# Thread: Surface area of revolution question

1. ## Surface area of revolution question

The arc of the parabola $y^2 = 4x$ joining the points $(0, 0)$ and $(3, 2\sqrt{3})$ is rotated through $2\pi$ radians about the x-axis. Find the area of the curved surface generated giving the answer in the form $\frac{k\pi}{3}$ where k is an integer.

My attempt at answering it is written down here:

I'm not sure if it's right because if it wants an answer in that form, then it would suggest that the integer k isn't divisible by 3 - otherwise it could be simplified. Through that logic, I believe I have made some kind of mistake. Could you please take a look and suggest any area where I have slipped up?

2. $y = 2\sqrt{x}$

$y' = \frac{1}{\sqrt{x}}$

$(y')^2 = \frac{1}{x}$

$2\pi \int_0^3 2\sqrt{x} \cdot \sqrt{1 + \frac{1}{x}} \, dx$

$4\pi \int_0^3 \sqrt{x+1} \, dx$

$4\pi \left[\frac{2}{3}(x+1)^{\frac{3}{2}}\right]_0^3$

$\frac{8\pi}{3}(8 - 1)$

$\frac{56\pi}{3}$

3. Originally Posted by db5vry
The arc of the parabola $y^2 = 4x$ joining the points $(0, 0)$ and $(3, 2\sqrt{3})$ is rotated through $2\pi$ radians about the x-axis. Find the area of the curved surface generated giving the answer in the form $\frac{k\pi}{3}$ where k is an integer.

My attempt at answering it is written down here:

I'm not sure if it's right because if it wants an answer in that form, then it would suggest that the integer k isn't divisible by 3 - otherwise it could be simplified. Through that logic, I believe I have made some kind of mistake. Could you please take a look and suggest any area where I have slipped up?

$y^2=4x \rightarrow x=\frac{y^2}{4}$
Let $f(y)=\frac{y^2}{4}$.
Then, the surface area = $2\pi \int_0^{2\sqrt{3}} y \, \sqrt{ 1 + [ \, f'(y) \, ]^2 } \, \, dy$.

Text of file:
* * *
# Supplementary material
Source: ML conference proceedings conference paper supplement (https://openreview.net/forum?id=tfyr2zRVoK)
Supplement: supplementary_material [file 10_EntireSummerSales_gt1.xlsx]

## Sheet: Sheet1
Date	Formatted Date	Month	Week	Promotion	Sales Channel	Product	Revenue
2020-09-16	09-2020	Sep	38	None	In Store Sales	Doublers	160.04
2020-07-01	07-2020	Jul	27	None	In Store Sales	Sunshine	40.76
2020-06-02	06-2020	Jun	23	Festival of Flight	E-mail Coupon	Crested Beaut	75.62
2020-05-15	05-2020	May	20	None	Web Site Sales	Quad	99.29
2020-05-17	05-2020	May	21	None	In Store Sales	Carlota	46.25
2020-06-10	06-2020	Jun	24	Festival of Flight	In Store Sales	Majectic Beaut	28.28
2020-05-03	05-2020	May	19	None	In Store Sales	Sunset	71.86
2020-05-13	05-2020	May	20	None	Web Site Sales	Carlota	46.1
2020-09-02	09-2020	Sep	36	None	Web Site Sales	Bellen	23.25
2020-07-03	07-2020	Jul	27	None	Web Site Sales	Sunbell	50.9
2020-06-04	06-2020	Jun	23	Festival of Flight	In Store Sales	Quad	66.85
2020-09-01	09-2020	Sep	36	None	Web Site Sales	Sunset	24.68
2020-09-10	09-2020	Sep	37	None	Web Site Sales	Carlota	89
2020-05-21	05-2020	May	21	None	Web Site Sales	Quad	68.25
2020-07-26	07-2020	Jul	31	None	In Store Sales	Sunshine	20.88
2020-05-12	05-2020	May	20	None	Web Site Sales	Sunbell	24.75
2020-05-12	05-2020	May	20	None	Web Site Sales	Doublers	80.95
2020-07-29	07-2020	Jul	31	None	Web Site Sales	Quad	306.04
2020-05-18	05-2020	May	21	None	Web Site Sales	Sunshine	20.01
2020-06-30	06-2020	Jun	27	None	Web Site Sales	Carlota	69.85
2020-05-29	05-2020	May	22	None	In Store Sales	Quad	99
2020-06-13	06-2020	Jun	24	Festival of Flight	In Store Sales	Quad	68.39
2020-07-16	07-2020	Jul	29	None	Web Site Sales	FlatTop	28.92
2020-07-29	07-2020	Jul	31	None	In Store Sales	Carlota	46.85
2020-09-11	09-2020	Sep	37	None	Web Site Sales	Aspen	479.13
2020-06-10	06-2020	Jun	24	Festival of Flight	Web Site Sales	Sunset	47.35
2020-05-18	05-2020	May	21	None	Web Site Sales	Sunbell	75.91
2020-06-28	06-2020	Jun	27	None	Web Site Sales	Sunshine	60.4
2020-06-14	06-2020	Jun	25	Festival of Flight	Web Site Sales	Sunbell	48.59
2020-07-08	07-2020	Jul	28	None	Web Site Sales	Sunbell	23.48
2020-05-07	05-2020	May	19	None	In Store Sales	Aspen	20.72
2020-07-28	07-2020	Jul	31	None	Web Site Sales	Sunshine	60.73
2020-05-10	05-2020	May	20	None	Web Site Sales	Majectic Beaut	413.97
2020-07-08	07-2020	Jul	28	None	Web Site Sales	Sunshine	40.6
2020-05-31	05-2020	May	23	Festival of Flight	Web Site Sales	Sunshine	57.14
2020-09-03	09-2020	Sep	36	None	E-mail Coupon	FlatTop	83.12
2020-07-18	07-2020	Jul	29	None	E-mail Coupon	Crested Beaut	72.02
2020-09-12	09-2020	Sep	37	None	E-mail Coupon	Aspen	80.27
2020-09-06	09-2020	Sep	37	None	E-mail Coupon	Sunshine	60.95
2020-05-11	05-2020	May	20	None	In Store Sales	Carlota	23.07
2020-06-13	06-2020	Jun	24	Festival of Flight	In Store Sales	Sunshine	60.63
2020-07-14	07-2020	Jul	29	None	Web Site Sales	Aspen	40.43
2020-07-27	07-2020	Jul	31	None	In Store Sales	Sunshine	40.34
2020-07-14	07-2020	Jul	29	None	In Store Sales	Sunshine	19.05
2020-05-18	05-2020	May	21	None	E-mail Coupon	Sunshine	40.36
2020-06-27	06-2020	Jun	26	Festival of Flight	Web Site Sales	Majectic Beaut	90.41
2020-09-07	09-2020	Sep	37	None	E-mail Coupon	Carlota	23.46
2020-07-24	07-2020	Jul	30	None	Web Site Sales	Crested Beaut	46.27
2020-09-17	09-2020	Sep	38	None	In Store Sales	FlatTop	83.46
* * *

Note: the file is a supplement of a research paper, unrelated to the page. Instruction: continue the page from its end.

I dont know what is the point of that $\frac{k\pi}{3}$ !

4. Originally Posted by skeeter
$y = 2\sqrt{x}$

$y' = \frac{1}{\sqrt{x}}$

$(y')^2 = \frac{1}{x}$

$2\pi \int_0^3 2\sqrt{x} \cdot \sqrt{1 + \frac{1}{x}} \, dx$

$4\pi \int_0^3 \sqrt{x+1} \, dx$

$4\pi \left[\frac{2}{3}(x+1)^{\frac{3}{2}}\right]_0^3$

$\frac{8\pi}{3}(8 - 1)$

$\frac{56\pi}{3}$
Thanks for your solution! I can see what you've done for the most part, only the part which is in the fourth and fifth lines I can't seem to understand. I see you differentiated it after reducing $y^2$ to $y$ but differentiating it implicitly gives the same thing once simplified - I see what has happened by there.

I cannot see how you have got it into that particular form. Please could you show me what you have done there more closely?

I can see you took the 2 out as a constant to get $4\pi$ but can't see how it simplifies to $\sqrt{x+1}$.

5. Originally Posted by db5vry
Thanks for your solution! I can see what you've done for the most part, only the part which is in the fourth and fifth lines I can't seem to understand. I see you differentiated it after reducing $y^2$ to $y$ but differentiating it implicitly gives the same thing once simplified - I see what has happened by there.

I cannot see how you have got it into that particular form. Please could you show me what you have done there more closely?

I can see you took the 2 out as a constant to get $4\pi$ but can't see how it simplifies to $\sqrt{x+1}$.
note ... $\sqrt{a} \cdot \sqrt{b} = \sqrt{ab}$

$\sqrt{x} \cdot \sqrt{1 + \frac{1}{x}} = \sqrt{x + 1}
$